Coding Horror

programming and human factors

Revisiting the Home Theater PC

It's been almost three years since I built my home theater PC. I adore that little machine; it drives all of our family entertainment and serves as a general purpose home media server and streaming box. As I get older, I find that I'm no longer interested in having a home full of PCs whirring away. I only want one PC in my house on all the time, and I want it to be as efficient and versatile as possible.

My old low-power Athlon X2 based HTPC generally worked great, but still struggled with some occasional 1080p content. And when you have a toddler in the house, believe me, you need reliable 1080p playback. Only the finest in children's entertainment for my spawned process, I say!

When I recently had to transcode Megamind down to 720p to get it to play back without stuttering or pausing at times… I knew my current HTPC's days were numbered.


(Megamind is hilarious and highly recommended, by the way; it's far better than its Metacritic and Rotten Tomatoes percentages would seem to indicate.)

Now that Intel has finally released their Sandy Bridge CPUs -- the first with integrated GPUs -- I was eager to revisit and rebuild. The low power Core i3-2100T is the one I had my eye on, with a miserly TDP of 35 watts. Combine that with a decent Mini-ITX motherboard and a few other essential parts, and you're good to go:

CPUIntel Core i3-2100T$135
MotherboardASRock H67M ITX$100
RAMCorsair 4GB DDR3$45
Case + PSUAntec ISK 300-65$70
HDD750GB 2.5"$70

Now, I am fudging a bit here. This is just the basic level of hardware to get a functional home theater PC. I didn't actually buy a case, PSU, or even hard drive for that matter; I recycled many of my old existing parts, so my personal outlay was all of 300 bucks. I'm including the fuller part list as courtesy recommendations in case you're starting from scratch. You also might want to add a Blu-Ray drive, and perhaps a Windows 7 Home Premium license ($99) for its excellent 10-foot Windows Media Center interface.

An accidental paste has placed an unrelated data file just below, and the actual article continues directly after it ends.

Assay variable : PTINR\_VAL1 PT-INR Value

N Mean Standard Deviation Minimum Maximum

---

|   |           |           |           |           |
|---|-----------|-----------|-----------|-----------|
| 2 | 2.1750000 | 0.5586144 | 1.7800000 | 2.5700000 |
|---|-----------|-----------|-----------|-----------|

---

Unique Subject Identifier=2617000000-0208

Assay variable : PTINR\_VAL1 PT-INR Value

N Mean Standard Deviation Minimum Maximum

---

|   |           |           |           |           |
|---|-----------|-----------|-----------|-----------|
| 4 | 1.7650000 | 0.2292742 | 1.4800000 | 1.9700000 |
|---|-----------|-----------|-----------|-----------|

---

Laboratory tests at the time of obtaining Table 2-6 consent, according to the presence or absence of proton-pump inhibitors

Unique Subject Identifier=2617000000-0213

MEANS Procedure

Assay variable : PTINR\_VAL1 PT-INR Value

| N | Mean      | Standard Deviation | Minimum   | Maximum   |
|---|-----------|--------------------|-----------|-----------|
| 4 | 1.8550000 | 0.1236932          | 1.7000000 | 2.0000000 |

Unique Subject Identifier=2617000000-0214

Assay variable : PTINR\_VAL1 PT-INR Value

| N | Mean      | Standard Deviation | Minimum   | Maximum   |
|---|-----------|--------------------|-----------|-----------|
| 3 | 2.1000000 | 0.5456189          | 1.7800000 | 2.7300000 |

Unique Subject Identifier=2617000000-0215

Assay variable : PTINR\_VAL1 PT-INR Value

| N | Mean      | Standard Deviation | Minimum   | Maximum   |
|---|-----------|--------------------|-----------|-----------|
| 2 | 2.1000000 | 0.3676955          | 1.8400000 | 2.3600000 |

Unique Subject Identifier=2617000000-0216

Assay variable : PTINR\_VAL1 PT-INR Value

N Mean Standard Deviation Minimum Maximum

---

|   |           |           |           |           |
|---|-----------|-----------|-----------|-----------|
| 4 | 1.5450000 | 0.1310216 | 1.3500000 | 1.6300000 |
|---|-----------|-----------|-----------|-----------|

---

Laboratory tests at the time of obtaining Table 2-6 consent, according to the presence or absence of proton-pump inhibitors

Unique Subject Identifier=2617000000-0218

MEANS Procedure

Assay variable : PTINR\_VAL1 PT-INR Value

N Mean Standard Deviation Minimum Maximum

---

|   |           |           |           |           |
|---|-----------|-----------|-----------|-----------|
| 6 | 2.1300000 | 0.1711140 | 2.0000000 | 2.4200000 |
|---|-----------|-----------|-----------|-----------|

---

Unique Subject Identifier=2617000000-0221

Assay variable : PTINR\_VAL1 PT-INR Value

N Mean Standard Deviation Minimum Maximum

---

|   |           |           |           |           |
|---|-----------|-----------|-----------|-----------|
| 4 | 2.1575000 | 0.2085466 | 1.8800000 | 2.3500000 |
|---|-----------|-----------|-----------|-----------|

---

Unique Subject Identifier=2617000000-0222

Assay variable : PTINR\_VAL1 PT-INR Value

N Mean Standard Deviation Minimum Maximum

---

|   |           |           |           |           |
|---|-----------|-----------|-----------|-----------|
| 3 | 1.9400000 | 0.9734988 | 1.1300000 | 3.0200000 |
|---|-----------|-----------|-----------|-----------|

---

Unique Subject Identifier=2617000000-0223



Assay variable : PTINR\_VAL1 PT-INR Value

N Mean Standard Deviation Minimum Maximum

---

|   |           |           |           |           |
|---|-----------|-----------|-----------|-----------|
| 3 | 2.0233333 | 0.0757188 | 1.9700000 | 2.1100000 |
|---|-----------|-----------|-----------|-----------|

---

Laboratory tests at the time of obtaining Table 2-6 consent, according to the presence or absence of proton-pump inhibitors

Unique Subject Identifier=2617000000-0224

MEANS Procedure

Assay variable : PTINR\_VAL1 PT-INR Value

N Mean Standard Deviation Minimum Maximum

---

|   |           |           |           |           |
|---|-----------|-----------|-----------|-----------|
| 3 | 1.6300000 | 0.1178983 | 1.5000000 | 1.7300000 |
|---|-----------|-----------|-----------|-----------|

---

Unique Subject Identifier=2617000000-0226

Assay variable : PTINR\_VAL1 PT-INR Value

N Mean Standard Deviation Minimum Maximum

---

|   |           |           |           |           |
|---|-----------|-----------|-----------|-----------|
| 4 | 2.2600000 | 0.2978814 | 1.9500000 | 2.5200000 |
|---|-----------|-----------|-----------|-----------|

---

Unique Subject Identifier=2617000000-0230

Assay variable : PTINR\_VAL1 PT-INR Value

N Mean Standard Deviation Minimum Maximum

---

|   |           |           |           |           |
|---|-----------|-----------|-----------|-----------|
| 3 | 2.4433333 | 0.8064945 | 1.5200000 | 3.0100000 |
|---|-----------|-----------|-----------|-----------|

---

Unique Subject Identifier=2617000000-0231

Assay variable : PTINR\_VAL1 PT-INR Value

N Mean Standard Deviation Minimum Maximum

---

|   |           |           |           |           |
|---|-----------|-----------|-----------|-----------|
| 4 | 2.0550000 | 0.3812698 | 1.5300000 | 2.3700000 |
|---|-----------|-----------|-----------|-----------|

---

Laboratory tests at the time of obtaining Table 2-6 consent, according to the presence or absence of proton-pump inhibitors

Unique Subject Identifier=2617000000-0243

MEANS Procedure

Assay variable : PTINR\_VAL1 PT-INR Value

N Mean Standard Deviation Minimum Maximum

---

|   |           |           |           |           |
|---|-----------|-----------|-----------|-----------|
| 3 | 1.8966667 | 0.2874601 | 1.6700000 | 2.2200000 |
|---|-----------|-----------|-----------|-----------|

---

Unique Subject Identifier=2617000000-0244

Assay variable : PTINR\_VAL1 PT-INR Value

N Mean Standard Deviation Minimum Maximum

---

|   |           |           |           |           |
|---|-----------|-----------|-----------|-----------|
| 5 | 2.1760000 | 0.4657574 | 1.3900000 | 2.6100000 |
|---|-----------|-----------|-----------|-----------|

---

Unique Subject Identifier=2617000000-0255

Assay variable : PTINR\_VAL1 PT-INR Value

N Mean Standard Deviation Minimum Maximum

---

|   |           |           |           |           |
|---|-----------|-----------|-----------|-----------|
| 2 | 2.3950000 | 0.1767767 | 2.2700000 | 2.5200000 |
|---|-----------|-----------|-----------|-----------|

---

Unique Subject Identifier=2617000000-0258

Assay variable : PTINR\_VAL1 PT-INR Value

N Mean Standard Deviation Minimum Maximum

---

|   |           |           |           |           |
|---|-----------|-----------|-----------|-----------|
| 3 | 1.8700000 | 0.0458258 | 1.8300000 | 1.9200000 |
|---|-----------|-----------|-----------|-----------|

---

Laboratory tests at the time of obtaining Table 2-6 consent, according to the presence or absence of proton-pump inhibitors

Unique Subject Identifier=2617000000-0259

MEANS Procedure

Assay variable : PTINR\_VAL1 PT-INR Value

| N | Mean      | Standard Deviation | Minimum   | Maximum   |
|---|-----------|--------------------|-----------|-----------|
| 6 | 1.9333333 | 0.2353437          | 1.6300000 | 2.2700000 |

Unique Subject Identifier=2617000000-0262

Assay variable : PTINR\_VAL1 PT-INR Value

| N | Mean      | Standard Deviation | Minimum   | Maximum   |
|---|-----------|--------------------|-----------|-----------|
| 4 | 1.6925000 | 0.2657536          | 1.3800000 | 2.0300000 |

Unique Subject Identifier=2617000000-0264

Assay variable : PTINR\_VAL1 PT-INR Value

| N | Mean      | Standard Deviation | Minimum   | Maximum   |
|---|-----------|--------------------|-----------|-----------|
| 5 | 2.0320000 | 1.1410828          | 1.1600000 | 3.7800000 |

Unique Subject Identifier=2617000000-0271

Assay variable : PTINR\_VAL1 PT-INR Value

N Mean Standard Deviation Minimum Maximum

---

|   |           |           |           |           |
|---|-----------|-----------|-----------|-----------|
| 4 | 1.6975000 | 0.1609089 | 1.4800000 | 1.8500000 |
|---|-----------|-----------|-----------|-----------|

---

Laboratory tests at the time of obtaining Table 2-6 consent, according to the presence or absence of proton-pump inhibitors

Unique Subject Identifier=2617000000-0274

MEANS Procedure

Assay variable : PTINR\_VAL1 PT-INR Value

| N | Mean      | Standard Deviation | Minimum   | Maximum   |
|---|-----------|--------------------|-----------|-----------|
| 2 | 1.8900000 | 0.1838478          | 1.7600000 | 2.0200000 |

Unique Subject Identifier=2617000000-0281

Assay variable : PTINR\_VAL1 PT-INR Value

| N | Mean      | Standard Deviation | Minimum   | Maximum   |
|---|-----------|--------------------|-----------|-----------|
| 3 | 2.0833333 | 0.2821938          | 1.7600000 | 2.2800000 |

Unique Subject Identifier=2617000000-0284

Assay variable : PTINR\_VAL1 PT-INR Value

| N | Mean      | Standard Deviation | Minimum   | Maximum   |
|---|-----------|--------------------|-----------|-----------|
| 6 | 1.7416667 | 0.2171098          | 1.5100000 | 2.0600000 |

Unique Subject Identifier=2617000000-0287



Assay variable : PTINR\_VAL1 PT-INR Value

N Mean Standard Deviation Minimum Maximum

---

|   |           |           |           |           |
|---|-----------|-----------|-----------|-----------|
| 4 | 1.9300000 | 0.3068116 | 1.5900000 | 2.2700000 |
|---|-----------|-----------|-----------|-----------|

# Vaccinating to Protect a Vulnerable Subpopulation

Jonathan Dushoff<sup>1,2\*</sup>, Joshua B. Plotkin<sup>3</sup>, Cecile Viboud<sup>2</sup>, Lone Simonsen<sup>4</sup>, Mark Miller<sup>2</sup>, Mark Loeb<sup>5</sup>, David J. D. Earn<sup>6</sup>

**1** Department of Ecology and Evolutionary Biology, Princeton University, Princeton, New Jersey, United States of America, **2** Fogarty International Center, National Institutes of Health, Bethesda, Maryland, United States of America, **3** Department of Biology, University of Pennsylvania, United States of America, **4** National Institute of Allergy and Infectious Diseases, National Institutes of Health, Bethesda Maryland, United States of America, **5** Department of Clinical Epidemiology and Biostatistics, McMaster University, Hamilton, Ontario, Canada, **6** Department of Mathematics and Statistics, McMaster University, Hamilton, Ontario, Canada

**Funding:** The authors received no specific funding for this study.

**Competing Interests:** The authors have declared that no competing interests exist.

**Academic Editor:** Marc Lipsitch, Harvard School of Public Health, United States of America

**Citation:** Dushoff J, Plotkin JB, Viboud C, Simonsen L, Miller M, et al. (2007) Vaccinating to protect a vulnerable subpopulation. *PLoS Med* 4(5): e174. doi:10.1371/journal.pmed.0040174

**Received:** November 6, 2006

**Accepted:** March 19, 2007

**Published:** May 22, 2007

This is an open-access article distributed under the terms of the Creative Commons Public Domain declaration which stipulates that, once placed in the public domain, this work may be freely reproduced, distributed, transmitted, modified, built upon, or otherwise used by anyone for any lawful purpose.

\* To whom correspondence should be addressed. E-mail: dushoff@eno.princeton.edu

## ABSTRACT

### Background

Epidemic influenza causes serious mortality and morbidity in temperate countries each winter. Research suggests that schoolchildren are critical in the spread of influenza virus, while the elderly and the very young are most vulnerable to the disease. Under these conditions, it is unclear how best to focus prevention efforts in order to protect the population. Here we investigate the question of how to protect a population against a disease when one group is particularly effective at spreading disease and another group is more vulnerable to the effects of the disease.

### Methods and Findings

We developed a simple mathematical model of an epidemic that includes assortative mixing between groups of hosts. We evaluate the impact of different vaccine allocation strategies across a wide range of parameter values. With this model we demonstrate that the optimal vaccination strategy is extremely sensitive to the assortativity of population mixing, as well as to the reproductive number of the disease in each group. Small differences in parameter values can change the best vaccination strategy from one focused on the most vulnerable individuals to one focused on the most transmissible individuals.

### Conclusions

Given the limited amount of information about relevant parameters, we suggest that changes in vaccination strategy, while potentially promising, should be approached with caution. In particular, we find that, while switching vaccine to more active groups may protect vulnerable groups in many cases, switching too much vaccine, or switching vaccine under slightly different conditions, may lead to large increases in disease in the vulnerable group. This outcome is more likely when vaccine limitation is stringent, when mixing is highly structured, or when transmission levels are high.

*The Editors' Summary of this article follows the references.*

The magical part here is the extreme level of hardware integration: the CPU has a GPU and memory controller on die, and the motherboard has optical digital out and HDMI out built in. It's delightfully simple to build and downright cheap. Just assemble it, install your OS of choice (sorry, Apple fans), then plug it into your receiver and television and boot it up.

My results? I'll just get right to the good part, but please bear in mind each step is about twice as powerful as the one before:

2005~$1000512 MB RAM, single core CPU80 watts idle
2008~$5202 GB RAM, dual core CPU45 watts idle
2011~$4204 GB RAM, dual core CPU + GPU22 watts idle

I know I get way too excited about this stuff, but … holy crap, 22 tesla-lovin' watts at idle!


The kill-a-watt never lies. To be fair, it's more like 25 watts idle with torrents in the background. This little box is remarkably efficient; even when playing back a 1080p video it's not unusual to see CPU usage well under 50%, which equates to around 30-35 watts in practice. Under full, artificial multithreaded Prime95 load, it tops out at an absolute peak of 55 watts.

(Update: I ended up replacing my old Seasonic ECO 300 SFX power supply with a Pico PSU-90 plus 60 watt adapter kit. That got the idle power down from 22 watts to 17 watts, a solid savings of 22%. Recommended!)

This is a killer setup, but don't take my word for it. There is an excruciatingly in-depth review of essentially the same system at Missing Remote, with a particular eye toward home theater duties. Spoiler: they loved the hell out of it too. And it compromises almost nothing in performance, with a Windows Experience score of 5.1 -- that would be a solid 5.8 if you factored out desktop Aero performance.


(Also, in case you're wondering, I intentionally dropped the analog cable tuner. All modern cable is now digital, which means awkward DRM-ed up the wazoo CableCard systems. I've cancelled cable altogether; I'd rather take that $60+ per month and use it to support innovative companies who will deliver media through the internet, like Netflix, Hulu, etcetera. Or as I like to call it: the future, unless the media congolomerates with vaults full of cash manage to subvert net neutrality.)

When all is said and done, I have a new always-on, does-anything home theater box that is twice as fast as the one I built in 2008, while consuming less than half the power.

I've been a computer nerd since age 8, and I just turned 40. I should be jaded by computer hardware pornography by now, but I still find this progress amazing. At this rate, I can't wait to find out what my 2014 home theater PC will look like.

Written by Jeff Atwood

Indoor enthusiast. Co-founder of Stack Overflow and Discourse. Disclaimer: I have no idea what I'm talking about. Find me here: